People today go into a panic when they see the word “refined” anywhere near their food. But even though the term has become synonymous with overly processed and unhealthy, refined doesn’t have to be such a dirty word. Remember when refined meant cultured or sophisticated? Developed or precise? Well, it’s time we get the story straight.

We need to remind our consumers that grains are generally divided into two groups: refined and whole. Whole grains contain the entire grain kernel—the bran, germ and endosperm. Refined grains refer to grains that are not whole, because they are missing one or more of the aforementioned three key components. This is what happens when grains are milled, to give flour a finer texture and extend shelf life. That’s it! That’s all refined flour is.

Now, it’s important to point out that during the milling process, when the grain is broken down and it loses some components, some nutrients are lost along with them. This is why we enrich flour—or add back the nutrients that are lost. These include B vitamins, like thiamin, riboflavin, niacin and folic acid, as well as iron. Fortified flour, on the other hand, means that an essential micronutrient has been deliberately added when it wasn’t there originally, to improve the nutritional quality of the food supply and provide a public health benefit.

You may be asking yourself, “So if that’s all refined grains are, why do people think they’re so bad?” It’s important to recognize that not all refined grains are created equally. There are two subgroups of refined grains as they are commonly used in applications: the staples and the indulgences. The staples like cereals, breads, rolls and pasta are packed with nutrients and are vital to the diet. Indulgences, on the other hand, are products that typically feature refined grains—and are high in added sugars and saturated fats. These are the cookies, cupcakes, etc.—treats and snacks that should be limited. The staples get a bad reputation because they’re often lumped together with the indulgences under the “refined” umbrella.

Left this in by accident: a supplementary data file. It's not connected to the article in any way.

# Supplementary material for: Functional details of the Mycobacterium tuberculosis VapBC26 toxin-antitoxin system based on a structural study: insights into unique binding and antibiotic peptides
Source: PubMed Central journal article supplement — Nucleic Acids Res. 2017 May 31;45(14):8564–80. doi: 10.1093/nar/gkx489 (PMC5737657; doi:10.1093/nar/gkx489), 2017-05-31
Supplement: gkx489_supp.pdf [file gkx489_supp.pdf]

It’s funny, though. I’ve noticed a sort of inverse happen with whole-grain and gluten-free products. There seems to be a public misconception that if something is whole-grain or gluten-free, it’s automatically healthier. This health halo extends to our indulgent products, as well. People will see whole-grain or gluten-free cookies and think: “Oh, this is a health food. I can eat as many of these as I want!” In fact, many times, those foods are still high in added sugars and saturated fats. With any indulgence, whether it’s refined, whole grain or gluten-free, it’s all about moderation.

I’ll leave you with the famous passage by my good friend, Bill Shakespeare. I hope he doesn’t mind that I’ve tweaked it a little to prove my point.


O, Refined, Refined, why art thou refined?

Deny thy flour and refuse thy grain,

And I’ll consider eating some wheat.

Oh, be some other grain!


What’s in a grain? That which we call flour

By any other grain would taste the same.

So Refined would, were it not Refined called,

Retain that dear perfection which is owed

Without that title.